Unsurprisingly, the federal government adopted this “proposal” (i.e., ultimatum) on Wednesday. BMW company spokeswoman Christina Hepe welcomed the decision on Wednesday evening, commenting, “It certainly helps us, without a doubt. Sales is the backbone of our business.”

The automakers calculate that as demand rises, production can begin again. Daimler plans to start the assembly lines at some of its plants as early as Monday.

Last week, VW’s board, in consultation with IG Metall and works council, adopted a “100-point plan to combat the pandemic” for the company’s 630,000 global workforce. This is merely a plan to get production back up and running so the company can make profits.

VW already restarted production on Easter Sunday at its Chattanooga, Tennessee, plant in the US. In Germany, 80,000 out of 120,000 employees are still currently on short-time work. According to Der Spiegel, around 1,700 workers will “start producing specific components at a few plants to secure production in China, the only part of the world where assembly lines are operating at anything close to normality.”

Most VW workers will return to their jobs on Monday. Manfred Wulff, VW works council head in Emden, indicated that plants in Wolfsburg, Emden and Hannover would restart production. A few thousand employees will start work on the first day, with the number being gradually increased. At other plants, like Kassel and Salzgitter, production will begin on May 4, which is also the case at BMW and Ford.

At VW, IG Metall agreed last week to abandon any demand for wage increases for the company’s 120,000 workers in Germany. Referring to the impact of the coronavirus, the union said negotiations on wage increases had been postponed until early 2021. The union has also agreed to a series of deals allowing workers to take unpaid “leave” from work.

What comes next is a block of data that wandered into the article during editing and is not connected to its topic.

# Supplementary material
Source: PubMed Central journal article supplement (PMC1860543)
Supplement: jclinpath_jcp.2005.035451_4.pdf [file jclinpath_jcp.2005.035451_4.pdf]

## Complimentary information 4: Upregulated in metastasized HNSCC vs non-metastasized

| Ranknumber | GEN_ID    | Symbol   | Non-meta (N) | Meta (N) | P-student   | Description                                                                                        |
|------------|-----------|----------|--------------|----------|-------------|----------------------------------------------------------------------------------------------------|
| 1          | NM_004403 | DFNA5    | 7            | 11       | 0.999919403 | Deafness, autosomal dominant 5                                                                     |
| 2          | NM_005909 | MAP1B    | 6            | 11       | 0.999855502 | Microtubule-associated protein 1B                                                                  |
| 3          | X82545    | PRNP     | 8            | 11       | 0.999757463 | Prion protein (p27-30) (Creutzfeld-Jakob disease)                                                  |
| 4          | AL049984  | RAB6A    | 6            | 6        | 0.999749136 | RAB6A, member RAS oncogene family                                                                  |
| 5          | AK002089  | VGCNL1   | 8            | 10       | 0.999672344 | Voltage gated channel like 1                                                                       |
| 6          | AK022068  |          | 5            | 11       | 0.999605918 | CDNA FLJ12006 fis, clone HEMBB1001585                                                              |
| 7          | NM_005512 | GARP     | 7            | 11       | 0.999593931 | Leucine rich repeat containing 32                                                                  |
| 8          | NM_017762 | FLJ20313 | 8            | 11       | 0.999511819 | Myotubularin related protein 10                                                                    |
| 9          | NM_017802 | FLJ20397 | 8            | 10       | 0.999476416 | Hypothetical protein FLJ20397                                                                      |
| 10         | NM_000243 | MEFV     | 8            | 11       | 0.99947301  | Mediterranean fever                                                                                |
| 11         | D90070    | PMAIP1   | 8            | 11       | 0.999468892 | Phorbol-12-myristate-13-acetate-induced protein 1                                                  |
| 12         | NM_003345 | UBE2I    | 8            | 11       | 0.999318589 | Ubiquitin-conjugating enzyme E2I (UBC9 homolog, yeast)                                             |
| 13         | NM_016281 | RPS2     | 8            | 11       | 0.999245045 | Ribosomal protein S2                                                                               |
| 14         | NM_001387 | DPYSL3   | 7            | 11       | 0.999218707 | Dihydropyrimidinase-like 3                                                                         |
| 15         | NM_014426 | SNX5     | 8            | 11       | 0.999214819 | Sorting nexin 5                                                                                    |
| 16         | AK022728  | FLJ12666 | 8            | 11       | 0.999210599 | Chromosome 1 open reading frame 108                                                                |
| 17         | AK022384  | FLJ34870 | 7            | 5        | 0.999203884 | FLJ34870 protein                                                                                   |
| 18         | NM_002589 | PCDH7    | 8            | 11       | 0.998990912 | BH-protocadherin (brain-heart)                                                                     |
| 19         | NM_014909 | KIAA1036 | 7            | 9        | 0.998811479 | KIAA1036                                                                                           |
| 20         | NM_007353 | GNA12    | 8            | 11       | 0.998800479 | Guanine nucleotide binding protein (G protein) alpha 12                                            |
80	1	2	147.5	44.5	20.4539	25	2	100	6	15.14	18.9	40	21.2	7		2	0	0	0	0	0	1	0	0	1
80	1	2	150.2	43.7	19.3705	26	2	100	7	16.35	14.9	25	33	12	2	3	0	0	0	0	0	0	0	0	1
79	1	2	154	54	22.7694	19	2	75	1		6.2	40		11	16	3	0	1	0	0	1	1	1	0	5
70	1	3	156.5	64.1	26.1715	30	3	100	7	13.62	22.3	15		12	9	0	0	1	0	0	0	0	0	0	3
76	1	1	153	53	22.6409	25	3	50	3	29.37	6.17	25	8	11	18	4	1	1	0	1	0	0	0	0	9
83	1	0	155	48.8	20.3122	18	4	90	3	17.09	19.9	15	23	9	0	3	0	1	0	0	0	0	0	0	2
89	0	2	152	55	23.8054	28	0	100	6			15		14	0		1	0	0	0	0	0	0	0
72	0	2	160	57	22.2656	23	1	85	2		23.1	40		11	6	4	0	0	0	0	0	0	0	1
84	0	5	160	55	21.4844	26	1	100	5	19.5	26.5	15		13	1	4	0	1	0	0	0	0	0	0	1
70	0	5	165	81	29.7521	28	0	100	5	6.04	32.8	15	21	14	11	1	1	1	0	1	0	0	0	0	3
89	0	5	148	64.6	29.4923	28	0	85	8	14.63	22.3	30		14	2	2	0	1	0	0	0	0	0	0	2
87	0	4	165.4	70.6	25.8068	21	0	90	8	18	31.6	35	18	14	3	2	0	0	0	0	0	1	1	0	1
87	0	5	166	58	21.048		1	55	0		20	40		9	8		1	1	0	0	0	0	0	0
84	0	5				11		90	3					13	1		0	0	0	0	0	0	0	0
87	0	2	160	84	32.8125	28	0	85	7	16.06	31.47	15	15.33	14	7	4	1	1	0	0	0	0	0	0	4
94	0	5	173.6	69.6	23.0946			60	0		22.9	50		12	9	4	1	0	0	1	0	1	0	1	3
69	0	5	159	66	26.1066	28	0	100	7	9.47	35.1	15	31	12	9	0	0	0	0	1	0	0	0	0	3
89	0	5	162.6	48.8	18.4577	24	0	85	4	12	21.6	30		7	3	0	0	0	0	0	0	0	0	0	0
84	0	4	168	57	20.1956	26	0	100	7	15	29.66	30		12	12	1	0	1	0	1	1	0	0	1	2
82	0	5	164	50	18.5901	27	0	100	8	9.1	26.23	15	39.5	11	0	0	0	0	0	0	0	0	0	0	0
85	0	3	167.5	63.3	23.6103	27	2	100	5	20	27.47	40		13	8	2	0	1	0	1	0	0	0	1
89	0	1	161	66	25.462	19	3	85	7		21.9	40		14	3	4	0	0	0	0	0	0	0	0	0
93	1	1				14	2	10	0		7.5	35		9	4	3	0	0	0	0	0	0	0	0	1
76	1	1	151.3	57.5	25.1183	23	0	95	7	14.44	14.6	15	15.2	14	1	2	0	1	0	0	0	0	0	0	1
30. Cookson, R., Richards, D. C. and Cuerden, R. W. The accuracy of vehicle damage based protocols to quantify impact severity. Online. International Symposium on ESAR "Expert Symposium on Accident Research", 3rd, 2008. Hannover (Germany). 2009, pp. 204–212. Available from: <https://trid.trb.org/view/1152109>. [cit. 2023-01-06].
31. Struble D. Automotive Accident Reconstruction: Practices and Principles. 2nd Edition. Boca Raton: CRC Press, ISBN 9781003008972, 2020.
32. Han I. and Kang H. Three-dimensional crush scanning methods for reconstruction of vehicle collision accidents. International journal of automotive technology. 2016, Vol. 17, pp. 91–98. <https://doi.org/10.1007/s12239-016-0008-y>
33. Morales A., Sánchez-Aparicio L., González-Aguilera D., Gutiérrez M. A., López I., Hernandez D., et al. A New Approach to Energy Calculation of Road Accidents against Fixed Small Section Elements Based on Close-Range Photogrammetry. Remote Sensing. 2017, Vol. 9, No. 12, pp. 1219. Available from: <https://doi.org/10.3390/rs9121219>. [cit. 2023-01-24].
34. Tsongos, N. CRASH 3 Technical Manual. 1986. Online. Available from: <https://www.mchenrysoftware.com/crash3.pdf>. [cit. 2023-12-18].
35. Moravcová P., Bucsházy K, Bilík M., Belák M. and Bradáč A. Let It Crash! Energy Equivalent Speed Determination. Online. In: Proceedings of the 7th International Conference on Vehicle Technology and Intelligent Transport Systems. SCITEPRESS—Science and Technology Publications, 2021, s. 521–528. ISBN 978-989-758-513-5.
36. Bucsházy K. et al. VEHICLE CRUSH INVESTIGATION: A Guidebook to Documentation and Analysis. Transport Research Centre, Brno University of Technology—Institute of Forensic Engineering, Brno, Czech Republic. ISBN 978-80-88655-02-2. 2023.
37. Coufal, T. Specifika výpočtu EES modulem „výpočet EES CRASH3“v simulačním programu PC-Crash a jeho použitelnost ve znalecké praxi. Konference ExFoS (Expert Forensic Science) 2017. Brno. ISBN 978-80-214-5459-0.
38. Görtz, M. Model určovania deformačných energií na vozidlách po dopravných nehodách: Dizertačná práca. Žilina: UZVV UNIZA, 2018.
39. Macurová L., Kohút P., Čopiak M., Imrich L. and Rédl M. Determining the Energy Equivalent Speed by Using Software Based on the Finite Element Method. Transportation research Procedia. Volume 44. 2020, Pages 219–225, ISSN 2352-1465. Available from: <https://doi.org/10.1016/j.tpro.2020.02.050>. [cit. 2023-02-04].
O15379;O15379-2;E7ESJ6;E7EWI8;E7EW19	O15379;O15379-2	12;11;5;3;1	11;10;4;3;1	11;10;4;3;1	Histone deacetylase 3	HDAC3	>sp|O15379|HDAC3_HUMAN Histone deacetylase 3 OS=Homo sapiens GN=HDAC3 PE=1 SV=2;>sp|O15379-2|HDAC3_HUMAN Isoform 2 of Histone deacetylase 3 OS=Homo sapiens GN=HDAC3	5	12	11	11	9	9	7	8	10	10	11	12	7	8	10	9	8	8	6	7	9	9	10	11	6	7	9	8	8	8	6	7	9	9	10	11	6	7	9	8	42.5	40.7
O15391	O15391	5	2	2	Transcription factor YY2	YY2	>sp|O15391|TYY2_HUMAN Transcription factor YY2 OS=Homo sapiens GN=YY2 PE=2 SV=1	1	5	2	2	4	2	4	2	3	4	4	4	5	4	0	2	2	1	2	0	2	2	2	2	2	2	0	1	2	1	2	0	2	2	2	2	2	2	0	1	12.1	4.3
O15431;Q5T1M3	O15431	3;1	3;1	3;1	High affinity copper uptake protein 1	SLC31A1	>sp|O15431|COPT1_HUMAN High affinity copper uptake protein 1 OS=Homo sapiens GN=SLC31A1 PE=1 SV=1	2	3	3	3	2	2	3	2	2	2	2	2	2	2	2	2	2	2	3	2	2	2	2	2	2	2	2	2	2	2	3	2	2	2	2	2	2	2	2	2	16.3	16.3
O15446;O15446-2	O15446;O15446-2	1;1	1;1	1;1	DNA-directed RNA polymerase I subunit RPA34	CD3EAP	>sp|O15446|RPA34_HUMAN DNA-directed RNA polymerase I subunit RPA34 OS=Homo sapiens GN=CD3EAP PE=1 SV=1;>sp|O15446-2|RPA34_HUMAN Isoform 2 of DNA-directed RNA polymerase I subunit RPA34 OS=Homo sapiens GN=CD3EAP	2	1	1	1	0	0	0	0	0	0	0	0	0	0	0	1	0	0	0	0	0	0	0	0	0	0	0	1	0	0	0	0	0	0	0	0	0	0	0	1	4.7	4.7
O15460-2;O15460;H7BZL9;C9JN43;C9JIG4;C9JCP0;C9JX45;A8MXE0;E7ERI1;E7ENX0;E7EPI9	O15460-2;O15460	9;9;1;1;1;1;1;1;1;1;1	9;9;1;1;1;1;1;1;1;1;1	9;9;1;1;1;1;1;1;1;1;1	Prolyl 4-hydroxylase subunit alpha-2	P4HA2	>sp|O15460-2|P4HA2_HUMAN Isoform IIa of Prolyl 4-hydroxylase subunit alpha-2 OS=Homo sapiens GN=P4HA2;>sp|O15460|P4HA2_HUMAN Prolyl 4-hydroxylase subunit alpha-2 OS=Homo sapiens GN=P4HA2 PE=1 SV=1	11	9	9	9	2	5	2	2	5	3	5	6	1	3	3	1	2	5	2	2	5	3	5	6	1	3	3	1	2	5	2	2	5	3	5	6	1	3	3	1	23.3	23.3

“We are shouldering our responsibility with this deal,” commented Thorsten Gröger, IG Metall’s regional head in Lower Saxony and Saxony-Anhalt and lead negotiator in the talks. The pandemic has radically changed what needs to be prioritised, he added. The continuation of “normal” contract bargaining would have been inconceivable. Central works council chairman Bernd Osterloh added that the company’s liquidity was a question of survival. “Therefore, we have postponed the contract talks for eight months,” he added.

The liquidity deemed so important by the union representatives is in reality crucial for the payment of dividends to shareholders. While VW receives massive state subsidies for 80,000 workers’ wages under the short-time work programme, the company’s “liquidity” is being reserved for shareholders.

Just last month, sports vehicle producer Porsche paid out €952 million [US$1.04 billion] to shareholders in dividends, including almost half a million euros to the Porsche family. The approximately 27,000 employees in Germany received a one-time record premium of €9,700 each.

BMW’s board and supervisory board are planning to shower their shareholders with €1.64 billion in dividend payouts. The majority of this will be paid to the Quandt and Klappen families. The German Protection Association for Stock Ownership complained that due to the coronavirus, the 160 companies listed on the Dax, MDax and SDax stock markets will “pay out (only!) €44 billion to their shareholders.” This would be 14 percent less than last year. “In the current situation, securing liquidity takes priority,” wrote Handelsblatt.

Autoworkers must reject the restarting of production. Contrary to the claims of the unions and automakers, cars are not essential items.

The World Socialist Web Site wrote in a statement published on March 17, “Two irreconcilable interests of two classes stand opposed to each other. For the capitalists, it is a question of securing their profit interests and ensuring that their property and wealth remain untouched. No measures are to be taken that impinge on their interests. The working class is concerned with the interests of the broad mass of humanity, proceeding not from private profit but from social need.”

The Socialist Equality Party and WSWS firmly advance the demand: no return to work under unsafe conditions!

For the auto industry specifically, that means the suspension of all production. Full wages must be paid to workers affected by the closures.